Driving Change. Building Momentum. Making History.

“Since 1872, Harvard Medical School has been the incubator of bold ideas—a place where extraordinary people advance education, science and health care with unrelenting passion.

Whether training tomorrow’s doctors and scientists, decoding the fundamental nature of life, advancing patient care or improving health delivery systems around the world, we are never at rest. Allied with some of the world’s best hospitals, research institutes and a University synonymous with excellence, the School’s mission remains as ambitious as it is honorable: to alleviate human suffering caused by disease.”

More at Harvard Medical School & Harvard Medical School. Generations of Leaders.

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About Harvard School of Public Health (HSPH)

Harvard School of Public Health is dedicated to advancing the public’s health through learning, discovery and communication. More than 400 faculty members are engaged in teaching and training the 1,000-plus student body in a broad spectrum of disciplines crucial to the health and well being of individuals and populations around the world. Programs and projects range from the molecular biology of AIDS vaccines to the epidemiology of cancer; from risk analysis to violence prevention; from maternal and children’s health to quality of care measurement; from health care management to international health and human rights.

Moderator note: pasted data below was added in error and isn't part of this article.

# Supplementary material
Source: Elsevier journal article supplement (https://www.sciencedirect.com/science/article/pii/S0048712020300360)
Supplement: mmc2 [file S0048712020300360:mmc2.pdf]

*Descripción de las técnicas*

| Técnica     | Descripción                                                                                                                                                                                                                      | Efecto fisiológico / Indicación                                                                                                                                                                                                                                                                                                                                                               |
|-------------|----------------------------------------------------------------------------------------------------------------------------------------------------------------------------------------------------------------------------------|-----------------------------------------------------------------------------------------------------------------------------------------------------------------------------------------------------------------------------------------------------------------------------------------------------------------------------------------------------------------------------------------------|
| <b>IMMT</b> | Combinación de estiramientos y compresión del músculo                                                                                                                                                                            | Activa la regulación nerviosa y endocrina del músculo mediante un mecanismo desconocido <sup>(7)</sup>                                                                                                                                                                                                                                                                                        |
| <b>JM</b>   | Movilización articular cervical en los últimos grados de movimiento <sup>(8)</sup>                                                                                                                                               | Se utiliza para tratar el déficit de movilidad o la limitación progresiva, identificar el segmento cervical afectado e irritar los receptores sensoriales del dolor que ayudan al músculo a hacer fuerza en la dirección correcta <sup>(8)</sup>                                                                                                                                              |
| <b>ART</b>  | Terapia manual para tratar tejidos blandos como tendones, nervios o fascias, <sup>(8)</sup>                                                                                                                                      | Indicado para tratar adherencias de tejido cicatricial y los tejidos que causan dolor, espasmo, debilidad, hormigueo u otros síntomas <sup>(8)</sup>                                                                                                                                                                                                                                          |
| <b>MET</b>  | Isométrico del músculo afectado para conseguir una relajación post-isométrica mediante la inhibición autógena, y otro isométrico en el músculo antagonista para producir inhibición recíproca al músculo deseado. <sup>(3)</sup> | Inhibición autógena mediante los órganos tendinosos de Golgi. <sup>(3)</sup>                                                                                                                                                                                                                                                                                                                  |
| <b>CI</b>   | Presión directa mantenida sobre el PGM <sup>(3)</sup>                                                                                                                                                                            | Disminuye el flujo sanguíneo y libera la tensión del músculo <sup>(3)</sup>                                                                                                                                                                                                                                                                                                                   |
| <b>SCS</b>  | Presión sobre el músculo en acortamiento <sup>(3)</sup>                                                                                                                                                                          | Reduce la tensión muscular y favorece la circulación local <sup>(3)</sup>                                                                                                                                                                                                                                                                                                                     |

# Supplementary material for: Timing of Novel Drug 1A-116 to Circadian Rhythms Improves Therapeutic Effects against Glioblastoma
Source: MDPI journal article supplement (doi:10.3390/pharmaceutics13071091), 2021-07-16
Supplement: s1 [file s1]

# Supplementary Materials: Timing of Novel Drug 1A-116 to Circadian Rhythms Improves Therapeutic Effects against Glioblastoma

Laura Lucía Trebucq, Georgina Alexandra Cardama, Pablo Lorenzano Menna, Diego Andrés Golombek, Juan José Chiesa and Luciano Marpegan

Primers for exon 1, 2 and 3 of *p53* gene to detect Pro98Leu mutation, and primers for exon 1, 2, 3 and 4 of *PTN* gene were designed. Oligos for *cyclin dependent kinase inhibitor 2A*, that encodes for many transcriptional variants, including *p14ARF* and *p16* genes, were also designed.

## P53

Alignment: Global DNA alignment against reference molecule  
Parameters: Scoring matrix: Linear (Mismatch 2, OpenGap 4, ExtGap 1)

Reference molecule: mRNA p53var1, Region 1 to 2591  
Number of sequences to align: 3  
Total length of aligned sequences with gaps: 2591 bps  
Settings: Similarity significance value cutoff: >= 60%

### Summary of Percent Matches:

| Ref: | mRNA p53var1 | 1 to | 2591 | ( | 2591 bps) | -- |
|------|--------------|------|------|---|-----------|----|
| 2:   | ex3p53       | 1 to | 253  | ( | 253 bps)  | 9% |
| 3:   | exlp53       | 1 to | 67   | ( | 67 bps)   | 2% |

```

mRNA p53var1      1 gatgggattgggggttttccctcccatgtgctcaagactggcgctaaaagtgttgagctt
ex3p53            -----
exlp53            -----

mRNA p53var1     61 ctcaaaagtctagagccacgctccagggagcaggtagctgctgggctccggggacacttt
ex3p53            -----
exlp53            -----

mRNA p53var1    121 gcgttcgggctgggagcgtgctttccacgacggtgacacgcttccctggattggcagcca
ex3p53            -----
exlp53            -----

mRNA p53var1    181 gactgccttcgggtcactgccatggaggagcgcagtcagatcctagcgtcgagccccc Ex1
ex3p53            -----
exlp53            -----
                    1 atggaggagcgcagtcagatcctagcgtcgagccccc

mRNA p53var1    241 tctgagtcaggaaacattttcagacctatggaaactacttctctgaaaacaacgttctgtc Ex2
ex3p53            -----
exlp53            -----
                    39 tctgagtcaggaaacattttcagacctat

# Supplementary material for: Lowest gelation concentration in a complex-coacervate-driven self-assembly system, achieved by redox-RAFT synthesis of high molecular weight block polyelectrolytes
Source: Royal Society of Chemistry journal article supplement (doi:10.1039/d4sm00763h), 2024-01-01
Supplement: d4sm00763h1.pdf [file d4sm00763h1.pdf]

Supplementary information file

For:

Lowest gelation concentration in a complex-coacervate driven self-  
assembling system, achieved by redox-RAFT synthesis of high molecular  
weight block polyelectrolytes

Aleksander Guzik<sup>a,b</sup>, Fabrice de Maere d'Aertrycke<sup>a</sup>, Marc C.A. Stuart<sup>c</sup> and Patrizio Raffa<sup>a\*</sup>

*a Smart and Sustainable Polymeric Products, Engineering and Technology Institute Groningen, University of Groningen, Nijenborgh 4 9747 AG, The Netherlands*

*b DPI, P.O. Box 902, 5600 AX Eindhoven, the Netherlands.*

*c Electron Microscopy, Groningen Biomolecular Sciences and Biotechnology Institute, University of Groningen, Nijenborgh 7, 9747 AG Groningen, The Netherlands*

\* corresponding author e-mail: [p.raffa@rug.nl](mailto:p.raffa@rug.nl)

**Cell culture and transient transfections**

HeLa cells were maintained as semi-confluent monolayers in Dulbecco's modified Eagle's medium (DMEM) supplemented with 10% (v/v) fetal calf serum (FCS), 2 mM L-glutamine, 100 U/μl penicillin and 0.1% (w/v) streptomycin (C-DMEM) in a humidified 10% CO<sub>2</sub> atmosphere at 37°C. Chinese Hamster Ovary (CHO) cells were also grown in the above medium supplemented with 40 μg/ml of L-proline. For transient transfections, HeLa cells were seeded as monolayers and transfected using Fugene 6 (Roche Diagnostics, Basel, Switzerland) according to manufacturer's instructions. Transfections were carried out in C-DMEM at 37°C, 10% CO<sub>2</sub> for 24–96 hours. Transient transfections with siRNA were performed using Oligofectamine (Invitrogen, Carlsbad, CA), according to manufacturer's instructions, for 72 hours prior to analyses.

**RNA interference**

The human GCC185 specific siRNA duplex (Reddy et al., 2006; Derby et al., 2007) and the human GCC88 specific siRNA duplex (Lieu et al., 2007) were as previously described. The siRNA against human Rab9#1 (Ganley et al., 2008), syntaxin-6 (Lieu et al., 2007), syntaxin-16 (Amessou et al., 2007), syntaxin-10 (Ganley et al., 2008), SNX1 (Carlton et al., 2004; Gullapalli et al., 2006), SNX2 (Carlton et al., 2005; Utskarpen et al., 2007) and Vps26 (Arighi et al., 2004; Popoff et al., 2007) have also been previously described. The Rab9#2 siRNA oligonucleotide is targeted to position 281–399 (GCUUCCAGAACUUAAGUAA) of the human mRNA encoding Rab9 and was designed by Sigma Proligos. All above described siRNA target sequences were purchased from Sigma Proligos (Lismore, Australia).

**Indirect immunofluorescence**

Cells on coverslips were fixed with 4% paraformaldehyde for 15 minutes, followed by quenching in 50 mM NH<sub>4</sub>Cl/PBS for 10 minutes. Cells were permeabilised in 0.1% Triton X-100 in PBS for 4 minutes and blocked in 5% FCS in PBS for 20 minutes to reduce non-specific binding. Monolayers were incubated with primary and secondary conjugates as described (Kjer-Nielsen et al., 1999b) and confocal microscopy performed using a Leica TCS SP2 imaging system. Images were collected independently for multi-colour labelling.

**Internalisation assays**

More at Harvard School of Public Health (HSPH) & Harvard School of Public Health (HSPH). History.

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About Harvard University.

Established in 1636, Harvard is the oldest institution of higher education in the United States. The University, which is based in Cambridge and Boston, Massachusetts, has an enrollment of over 20,000 degree candidates, including undergraduate, graduate, and professional students. Harvard has more than 360,000 alumni around the world.

Harvard University is devoted to excellence in teaching, learning, and research, and to developing leaders in many disciplines who make a difference globally. Harvard faculty are engaged with teaching and research to push the boundaries of human knowledge. For students who are excited to investigate the biggest issues of the 21st century, Harvard offers an unparalleled student experience and a generous financial aid program, with over $160 million awarded to more than 60% of our undergraduate students. The University has twelve degree-granting Schools in addition to the Radcliffe Institute for Advanced Study, offering a truly global education.

‘Universities nurture the hopes of the world: in solving challenges that cross borders; in unlocking and harnessing new knowledge; in building cultural and political understanding; and in modeling environments that promote dialogue and debate… The ideal and breadth of liberal education that embraces the humanities and arts as well as the social and natural sciences is at the core of Harvard’s philosophy. ’/ Drew Gilpin Faust

More About Harvard University & About Harvard University. Information.

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* The above story is adapted from materials provided by Harvard University